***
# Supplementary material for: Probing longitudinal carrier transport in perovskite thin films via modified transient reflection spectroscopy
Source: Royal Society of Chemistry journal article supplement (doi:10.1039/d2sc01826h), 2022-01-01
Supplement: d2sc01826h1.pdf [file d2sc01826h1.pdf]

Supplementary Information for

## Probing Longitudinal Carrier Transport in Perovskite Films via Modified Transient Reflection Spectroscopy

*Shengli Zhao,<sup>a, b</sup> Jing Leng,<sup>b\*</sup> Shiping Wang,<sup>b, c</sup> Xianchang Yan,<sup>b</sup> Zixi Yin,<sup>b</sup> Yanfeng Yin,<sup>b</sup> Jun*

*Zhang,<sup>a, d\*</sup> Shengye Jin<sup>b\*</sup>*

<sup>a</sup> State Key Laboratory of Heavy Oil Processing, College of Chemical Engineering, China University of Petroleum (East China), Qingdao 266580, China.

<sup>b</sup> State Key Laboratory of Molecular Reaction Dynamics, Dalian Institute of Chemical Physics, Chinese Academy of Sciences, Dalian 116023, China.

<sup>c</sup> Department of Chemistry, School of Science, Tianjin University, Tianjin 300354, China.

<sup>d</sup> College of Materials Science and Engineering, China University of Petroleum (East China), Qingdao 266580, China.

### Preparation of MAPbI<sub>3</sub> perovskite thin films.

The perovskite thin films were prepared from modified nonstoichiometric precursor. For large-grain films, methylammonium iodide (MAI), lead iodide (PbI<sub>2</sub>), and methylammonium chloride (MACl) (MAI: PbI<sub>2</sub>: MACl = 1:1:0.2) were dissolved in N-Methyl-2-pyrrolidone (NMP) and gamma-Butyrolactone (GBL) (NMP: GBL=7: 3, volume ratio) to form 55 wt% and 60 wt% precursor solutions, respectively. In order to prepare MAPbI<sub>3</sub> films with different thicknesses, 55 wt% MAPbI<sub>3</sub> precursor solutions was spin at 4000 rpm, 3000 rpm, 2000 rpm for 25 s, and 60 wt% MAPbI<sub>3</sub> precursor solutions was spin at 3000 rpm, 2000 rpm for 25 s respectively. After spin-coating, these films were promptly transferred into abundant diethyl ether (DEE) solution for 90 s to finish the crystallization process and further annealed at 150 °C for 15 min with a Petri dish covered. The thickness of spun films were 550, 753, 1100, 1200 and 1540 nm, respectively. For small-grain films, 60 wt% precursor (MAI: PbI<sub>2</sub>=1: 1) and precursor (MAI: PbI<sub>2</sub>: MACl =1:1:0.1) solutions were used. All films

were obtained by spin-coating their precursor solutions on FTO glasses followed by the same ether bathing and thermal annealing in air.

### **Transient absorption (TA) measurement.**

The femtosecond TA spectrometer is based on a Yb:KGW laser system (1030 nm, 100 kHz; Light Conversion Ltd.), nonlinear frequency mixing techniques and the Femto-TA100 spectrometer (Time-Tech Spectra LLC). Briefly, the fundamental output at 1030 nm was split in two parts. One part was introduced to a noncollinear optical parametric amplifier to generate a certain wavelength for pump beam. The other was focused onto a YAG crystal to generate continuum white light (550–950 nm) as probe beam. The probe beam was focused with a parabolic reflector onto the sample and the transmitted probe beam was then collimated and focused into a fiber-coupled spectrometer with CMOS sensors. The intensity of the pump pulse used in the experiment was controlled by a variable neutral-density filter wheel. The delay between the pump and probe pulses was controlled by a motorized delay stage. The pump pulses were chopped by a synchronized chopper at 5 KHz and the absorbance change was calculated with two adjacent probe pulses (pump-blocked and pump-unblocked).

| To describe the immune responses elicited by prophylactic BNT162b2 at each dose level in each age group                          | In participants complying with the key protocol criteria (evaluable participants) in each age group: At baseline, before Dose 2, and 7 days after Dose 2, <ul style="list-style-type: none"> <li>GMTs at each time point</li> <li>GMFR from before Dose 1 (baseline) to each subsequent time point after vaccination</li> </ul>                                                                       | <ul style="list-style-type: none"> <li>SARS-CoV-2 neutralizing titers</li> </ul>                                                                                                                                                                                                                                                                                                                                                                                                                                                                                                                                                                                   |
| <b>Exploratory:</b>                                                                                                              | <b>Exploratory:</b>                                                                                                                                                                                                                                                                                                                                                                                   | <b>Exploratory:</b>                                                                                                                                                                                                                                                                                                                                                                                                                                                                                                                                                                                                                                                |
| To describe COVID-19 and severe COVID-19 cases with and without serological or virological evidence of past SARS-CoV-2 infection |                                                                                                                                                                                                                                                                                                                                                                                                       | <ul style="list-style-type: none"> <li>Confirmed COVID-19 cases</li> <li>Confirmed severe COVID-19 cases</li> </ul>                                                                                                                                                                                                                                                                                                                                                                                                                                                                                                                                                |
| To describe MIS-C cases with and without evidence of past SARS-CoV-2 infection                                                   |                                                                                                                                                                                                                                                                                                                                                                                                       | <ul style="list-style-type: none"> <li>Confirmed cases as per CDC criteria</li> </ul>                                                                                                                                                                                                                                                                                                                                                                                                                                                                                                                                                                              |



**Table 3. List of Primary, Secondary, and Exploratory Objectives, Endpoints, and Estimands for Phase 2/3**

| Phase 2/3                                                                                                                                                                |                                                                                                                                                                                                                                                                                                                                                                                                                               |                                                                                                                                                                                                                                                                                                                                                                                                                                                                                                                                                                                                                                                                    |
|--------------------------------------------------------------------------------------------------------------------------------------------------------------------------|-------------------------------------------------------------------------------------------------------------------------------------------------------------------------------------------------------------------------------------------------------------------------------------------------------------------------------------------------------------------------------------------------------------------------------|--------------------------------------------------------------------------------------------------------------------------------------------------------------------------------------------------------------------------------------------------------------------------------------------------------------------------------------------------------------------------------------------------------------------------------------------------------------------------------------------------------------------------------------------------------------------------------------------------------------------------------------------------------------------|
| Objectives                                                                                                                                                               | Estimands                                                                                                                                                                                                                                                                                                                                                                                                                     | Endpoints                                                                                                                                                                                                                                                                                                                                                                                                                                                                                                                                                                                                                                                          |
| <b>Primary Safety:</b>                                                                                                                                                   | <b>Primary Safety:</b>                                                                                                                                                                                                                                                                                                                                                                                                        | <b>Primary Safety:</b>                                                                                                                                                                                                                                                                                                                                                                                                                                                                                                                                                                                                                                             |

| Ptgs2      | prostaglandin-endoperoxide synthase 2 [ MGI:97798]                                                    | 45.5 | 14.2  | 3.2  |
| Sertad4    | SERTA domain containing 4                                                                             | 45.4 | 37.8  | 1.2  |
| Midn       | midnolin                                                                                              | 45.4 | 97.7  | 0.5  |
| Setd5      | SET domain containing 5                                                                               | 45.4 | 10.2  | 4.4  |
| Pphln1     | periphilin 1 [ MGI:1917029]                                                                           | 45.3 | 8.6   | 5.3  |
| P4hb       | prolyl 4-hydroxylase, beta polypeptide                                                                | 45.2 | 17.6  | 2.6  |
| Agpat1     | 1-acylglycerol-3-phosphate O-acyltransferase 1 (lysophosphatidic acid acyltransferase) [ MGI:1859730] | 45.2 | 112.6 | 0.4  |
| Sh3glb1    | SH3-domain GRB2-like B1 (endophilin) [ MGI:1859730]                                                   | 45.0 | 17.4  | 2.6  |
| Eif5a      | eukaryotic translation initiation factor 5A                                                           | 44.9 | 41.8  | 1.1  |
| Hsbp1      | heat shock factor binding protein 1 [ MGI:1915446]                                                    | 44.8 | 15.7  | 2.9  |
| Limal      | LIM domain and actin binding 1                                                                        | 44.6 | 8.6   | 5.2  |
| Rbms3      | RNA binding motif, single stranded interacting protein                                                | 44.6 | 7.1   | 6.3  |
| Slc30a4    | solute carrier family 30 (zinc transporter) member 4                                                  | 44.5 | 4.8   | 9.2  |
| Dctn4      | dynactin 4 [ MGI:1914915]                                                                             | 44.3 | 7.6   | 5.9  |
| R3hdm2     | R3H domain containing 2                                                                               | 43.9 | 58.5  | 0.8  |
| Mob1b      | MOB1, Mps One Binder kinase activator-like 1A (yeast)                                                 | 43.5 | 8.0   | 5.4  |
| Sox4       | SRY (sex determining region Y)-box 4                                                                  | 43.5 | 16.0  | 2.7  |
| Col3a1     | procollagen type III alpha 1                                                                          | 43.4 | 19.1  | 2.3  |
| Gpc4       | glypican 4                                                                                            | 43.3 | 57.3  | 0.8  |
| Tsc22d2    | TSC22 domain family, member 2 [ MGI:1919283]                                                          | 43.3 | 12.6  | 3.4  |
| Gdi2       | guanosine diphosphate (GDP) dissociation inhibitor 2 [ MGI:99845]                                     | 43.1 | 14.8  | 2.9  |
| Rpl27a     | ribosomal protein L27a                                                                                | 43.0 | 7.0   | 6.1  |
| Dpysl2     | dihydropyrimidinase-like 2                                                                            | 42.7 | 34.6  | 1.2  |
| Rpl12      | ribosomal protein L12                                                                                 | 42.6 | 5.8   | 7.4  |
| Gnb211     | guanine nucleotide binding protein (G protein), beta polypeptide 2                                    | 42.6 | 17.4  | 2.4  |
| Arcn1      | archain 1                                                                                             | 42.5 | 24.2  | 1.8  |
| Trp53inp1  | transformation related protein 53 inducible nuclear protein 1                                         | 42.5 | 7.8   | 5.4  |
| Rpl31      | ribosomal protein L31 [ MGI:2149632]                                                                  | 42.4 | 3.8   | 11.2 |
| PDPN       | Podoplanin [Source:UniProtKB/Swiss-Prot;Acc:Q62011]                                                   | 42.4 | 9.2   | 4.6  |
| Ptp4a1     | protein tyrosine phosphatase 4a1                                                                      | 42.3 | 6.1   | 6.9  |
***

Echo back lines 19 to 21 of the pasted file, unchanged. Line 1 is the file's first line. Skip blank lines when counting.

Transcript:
| To describe COVID-19 and severe COVID-19 cases with and without serological or virological evidence of past SARS-CoV-2 infection |                                                                                                                                                                                                                                                                                                                                                                                                       | <ul style="list-style-type: none"> <li>Confirmed COVID-19 cases</li> <li>Confirmed severe COVID-19 cases</li> </ul>                                                                                                                                                                                                                                                                                                                                                                                                                                                                                                                                                |
| To describe MIS-C cases with and without evidence of past SARS-CoV-2 infection                                                   |                                                                                                                                                                                                                                                                                                                                                                                                       | <ul style="list-style-type: none"> <li>Confirmed cases as per CDC criteria</li> </ul>                                                                                                                                                                                                                                                                                                                                                                                                                                                                                                                                                                              |



**Table 3. List of Primary, Secondary, and Exploratory Objectives, Endpoints, and Estimands for Phase 2/3**